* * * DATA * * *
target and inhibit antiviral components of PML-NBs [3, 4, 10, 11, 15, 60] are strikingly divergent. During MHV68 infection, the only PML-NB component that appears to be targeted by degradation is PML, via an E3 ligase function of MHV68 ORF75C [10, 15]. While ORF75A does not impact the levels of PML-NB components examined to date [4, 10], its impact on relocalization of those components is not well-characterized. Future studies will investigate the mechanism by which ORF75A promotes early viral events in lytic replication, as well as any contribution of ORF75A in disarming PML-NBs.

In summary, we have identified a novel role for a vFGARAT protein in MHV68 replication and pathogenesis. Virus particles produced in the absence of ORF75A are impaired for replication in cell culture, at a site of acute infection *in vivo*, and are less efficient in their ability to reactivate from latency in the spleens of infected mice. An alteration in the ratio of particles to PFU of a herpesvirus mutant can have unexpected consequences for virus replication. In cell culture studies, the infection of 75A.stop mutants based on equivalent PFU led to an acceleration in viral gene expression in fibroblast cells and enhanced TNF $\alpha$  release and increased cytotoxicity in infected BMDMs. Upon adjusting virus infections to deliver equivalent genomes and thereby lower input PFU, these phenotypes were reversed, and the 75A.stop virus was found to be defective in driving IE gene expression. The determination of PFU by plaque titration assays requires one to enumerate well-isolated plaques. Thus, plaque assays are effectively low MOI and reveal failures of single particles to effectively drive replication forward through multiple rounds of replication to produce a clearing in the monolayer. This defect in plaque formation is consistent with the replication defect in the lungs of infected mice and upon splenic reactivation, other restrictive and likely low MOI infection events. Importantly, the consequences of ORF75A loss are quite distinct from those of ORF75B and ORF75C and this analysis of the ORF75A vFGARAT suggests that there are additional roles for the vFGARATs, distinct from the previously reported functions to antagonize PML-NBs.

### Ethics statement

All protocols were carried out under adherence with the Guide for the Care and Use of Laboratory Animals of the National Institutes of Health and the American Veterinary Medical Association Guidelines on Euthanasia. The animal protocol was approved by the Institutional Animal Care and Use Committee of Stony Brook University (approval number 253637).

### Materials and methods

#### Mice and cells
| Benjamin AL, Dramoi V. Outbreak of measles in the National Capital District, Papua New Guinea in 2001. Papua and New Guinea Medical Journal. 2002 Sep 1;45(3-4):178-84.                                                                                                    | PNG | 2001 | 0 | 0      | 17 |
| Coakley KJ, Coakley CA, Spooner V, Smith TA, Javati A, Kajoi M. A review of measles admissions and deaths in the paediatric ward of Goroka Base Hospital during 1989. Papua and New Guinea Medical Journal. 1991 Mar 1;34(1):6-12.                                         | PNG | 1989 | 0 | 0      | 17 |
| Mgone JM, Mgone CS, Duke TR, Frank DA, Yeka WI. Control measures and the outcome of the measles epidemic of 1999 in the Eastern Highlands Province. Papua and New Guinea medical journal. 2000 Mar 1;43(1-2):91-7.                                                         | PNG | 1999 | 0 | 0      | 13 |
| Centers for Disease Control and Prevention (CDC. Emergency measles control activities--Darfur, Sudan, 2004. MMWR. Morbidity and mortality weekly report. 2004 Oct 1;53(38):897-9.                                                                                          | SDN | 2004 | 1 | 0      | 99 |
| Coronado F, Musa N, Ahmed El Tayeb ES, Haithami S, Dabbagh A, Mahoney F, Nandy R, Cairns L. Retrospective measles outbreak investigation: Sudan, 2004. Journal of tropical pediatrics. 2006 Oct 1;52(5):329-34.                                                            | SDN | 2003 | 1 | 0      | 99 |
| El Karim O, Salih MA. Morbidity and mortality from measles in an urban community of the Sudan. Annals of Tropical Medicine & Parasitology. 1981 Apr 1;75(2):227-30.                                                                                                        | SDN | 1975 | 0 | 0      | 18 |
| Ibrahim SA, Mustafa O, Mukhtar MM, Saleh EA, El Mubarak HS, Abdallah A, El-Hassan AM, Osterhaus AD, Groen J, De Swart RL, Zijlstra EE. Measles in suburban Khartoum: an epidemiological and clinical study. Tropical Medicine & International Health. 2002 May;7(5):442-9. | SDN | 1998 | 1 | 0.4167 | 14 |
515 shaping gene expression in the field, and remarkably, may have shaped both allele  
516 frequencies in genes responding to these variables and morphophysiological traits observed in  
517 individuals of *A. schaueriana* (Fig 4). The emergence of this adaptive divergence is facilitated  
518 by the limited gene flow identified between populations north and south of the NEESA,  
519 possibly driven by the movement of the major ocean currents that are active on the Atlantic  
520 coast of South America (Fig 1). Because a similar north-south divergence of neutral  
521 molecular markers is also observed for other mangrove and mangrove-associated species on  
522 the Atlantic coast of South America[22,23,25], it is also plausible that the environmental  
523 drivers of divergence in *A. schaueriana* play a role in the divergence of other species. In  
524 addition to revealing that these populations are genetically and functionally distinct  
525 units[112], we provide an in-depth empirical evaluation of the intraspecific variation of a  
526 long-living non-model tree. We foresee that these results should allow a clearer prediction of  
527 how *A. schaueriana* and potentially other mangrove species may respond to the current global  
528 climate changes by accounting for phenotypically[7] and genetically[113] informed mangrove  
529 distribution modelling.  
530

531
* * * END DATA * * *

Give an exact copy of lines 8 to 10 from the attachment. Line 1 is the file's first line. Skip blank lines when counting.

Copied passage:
| Coakley KJ, Coakley CA, Spooner V, Smith TA, Javati A, Kajoi M. A review of measles admissions and deaths in the paediatric ward of Goroka Base Hospital during 1989. Papua and New Guinea Medical Journal. 1991 Mar 1;34(1):6-12.                                         | PNG | 1989 | 0 | 0      | 17 |
| Mgone JM, Mgone CS, Duke TR, Frank DA, Yeka WI. Control measures and the outcome of the measles epidemic of 1999 in the Eastern Highlands Province. Papua and New Guinea medical journal. 2000 Mar 1;43(1-2):91-7.                                                         | PNG | 1999 | 0 | 0      | 13 |
| Centers for Disease Control and Prevention (CDC. Emergency measles control activities--Darfur, Sudan, 2004. MMWR. Morbidity and mortality weekly report. 2004 Oct 1;53(38):897-9.                                                                                          | SDN | 2004 | 1 | 0      | 99 |